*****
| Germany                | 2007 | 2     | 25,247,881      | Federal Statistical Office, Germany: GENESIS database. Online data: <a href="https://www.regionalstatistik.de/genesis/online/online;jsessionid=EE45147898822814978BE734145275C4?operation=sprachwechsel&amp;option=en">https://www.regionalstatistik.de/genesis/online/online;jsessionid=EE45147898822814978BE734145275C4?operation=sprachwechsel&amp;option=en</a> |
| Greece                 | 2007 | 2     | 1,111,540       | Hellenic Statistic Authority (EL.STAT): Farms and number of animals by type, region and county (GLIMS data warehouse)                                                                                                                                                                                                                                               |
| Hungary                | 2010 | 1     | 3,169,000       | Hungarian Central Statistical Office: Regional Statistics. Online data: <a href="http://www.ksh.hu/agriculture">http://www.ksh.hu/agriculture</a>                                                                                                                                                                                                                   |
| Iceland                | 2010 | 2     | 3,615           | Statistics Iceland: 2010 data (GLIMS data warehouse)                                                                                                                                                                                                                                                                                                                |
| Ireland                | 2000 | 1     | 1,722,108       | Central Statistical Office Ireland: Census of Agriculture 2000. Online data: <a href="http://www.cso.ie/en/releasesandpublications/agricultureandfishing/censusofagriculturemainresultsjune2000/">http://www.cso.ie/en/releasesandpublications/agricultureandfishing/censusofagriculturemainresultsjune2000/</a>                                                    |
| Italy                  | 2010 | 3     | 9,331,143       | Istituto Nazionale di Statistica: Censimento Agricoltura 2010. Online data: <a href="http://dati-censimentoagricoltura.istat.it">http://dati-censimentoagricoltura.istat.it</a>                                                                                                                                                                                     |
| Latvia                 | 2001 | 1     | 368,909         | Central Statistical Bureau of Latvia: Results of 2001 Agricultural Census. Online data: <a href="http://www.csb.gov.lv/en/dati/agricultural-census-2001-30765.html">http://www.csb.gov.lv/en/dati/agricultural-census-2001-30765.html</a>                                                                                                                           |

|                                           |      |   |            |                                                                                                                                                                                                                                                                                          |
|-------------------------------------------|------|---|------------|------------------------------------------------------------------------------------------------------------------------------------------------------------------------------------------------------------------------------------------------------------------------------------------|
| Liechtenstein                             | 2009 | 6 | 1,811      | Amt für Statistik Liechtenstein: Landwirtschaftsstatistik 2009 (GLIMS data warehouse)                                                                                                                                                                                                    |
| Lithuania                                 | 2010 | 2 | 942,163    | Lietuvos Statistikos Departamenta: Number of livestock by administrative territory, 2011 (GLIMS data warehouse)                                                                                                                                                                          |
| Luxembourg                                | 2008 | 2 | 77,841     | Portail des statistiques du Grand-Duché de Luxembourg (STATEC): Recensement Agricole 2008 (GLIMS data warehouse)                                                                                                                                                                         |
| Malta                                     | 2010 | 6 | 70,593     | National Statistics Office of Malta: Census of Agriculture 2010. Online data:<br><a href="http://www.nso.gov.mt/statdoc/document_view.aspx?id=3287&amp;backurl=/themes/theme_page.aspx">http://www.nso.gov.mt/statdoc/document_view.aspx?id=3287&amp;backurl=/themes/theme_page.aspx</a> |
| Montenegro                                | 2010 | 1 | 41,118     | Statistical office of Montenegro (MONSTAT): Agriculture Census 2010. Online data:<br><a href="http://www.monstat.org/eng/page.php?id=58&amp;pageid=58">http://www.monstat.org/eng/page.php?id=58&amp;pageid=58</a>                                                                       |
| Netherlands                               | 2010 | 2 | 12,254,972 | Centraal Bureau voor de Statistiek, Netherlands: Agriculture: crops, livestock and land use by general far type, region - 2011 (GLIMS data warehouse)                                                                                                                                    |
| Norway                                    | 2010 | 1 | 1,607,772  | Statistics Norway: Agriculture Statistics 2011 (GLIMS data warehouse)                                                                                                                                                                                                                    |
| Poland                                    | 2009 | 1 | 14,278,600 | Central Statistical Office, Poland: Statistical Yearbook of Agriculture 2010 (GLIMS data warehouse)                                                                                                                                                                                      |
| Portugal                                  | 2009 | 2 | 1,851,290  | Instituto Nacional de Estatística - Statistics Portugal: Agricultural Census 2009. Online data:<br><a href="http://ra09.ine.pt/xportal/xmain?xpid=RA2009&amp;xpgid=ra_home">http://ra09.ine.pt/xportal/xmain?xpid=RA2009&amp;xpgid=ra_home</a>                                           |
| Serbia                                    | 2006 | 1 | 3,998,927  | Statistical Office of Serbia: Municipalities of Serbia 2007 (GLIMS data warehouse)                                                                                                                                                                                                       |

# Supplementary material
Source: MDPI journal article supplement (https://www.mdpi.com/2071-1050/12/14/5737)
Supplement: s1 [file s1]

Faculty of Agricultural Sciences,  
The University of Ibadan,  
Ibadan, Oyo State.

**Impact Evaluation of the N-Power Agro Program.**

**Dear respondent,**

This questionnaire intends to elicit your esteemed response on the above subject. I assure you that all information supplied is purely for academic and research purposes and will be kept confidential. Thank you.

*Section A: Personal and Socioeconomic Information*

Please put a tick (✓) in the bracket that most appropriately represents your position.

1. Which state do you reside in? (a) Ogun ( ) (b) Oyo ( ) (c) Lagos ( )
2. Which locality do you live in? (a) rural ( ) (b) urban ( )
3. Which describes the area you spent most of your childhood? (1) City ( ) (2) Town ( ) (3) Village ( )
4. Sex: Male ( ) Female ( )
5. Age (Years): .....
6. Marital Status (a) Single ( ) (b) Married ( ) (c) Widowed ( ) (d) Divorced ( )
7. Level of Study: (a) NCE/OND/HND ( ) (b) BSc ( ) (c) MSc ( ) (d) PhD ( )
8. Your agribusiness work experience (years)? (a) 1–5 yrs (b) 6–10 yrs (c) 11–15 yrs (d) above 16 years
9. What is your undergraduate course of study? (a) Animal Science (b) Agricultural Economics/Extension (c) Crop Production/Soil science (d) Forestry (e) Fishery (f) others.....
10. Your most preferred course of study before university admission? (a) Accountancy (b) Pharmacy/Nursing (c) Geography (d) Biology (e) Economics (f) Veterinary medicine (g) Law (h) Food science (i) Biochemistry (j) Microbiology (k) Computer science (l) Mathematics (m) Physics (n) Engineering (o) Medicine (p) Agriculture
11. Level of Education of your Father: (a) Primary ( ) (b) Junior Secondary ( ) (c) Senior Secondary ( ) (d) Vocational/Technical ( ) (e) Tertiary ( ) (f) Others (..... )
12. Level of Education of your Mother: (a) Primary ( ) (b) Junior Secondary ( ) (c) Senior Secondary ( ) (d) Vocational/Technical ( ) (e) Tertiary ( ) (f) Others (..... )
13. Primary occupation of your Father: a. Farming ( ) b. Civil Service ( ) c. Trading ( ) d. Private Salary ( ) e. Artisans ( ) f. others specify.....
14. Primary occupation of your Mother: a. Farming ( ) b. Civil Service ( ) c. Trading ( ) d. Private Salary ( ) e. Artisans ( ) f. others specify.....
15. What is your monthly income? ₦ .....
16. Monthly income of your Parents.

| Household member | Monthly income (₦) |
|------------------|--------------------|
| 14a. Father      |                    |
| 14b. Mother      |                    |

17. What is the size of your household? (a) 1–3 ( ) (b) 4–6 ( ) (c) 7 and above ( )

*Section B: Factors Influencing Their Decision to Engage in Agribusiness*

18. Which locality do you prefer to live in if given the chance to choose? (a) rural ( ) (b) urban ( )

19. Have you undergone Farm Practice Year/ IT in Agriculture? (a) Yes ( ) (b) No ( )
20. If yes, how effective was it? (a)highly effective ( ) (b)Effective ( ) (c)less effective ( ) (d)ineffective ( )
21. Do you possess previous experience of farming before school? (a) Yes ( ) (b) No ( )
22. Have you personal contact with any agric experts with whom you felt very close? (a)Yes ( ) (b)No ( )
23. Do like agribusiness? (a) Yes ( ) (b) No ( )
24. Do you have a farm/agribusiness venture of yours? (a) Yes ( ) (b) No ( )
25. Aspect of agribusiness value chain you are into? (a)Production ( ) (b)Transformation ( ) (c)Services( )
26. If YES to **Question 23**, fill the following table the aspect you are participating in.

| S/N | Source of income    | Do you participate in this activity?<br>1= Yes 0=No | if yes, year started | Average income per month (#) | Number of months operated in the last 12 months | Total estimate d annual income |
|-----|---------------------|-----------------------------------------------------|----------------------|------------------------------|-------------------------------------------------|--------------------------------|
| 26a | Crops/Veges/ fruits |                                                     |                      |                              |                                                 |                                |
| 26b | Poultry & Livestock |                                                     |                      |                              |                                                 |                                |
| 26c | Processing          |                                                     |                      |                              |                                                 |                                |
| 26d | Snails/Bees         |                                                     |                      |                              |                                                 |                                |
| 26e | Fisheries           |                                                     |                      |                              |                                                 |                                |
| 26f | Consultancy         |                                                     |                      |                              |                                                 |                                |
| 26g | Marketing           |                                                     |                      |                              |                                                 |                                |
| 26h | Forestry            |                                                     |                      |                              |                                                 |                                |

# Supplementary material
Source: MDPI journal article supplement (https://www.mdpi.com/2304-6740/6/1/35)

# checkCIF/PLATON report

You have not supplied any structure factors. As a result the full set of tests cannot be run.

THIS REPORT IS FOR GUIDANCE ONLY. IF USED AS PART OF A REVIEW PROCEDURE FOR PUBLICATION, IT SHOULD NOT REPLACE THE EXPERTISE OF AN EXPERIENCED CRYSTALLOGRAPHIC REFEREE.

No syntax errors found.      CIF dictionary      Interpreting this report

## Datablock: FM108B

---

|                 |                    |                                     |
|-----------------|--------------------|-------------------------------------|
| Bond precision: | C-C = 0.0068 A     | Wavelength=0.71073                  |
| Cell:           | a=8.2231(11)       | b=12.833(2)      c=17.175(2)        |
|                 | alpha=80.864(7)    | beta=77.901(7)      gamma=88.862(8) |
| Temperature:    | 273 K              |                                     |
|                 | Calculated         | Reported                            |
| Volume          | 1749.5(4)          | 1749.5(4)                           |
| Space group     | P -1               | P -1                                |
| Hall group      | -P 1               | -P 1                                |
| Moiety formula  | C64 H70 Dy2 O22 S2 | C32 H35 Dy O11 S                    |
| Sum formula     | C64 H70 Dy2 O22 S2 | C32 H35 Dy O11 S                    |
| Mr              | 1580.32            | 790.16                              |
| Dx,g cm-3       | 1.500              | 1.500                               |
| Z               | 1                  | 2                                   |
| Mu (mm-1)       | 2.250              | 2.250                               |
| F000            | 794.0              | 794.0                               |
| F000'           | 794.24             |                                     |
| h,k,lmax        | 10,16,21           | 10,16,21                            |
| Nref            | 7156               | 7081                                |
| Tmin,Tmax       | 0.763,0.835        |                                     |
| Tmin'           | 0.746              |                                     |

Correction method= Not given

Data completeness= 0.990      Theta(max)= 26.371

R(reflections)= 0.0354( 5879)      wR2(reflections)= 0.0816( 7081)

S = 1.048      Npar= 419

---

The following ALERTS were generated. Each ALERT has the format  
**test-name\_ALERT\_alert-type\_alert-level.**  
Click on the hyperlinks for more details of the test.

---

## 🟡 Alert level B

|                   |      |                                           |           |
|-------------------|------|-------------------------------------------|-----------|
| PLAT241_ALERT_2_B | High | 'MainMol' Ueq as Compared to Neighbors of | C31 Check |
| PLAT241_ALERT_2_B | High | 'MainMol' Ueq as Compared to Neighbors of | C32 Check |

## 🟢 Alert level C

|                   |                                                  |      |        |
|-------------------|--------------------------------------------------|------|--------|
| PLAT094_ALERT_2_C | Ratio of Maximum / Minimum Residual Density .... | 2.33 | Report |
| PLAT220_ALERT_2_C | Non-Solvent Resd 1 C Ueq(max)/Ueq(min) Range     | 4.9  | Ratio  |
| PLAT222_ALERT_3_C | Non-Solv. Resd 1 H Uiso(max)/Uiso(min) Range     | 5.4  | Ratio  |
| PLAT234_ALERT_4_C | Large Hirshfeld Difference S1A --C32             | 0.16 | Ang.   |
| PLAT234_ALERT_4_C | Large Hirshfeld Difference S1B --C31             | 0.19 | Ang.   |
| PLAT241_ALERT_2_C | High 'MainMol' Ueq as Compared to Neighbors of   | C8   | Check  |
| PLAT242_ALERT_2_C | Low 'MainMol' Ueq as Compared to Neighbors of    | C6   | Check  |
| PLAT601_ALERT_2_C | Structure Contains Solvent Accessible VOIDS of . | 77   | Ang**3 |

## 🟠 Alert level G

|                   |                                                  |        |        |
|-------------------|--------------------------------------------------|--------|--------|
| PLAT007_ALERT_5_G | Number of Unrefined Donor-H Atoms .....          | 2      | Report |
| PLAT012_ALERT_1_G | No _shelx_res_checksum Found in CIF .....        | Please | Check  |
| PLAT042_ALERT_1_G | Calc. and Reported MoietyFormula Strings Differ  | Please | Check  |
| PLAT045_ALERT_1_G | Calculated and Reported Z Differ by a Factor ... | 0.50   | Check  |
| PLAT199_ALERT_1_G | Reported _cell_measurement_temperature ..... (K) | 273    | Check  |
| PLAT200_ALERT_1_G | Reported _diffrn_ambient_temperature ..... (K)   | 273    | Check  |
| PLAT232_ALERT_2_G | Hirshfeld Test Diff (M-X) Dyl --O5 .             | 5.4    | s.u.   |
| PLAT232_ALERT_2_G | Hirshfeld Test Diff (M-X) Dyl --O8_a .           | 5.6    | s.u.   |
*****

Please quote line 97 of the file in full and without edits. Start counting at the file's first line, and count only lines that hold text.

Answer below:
| F000'           | 794.24             |                                     |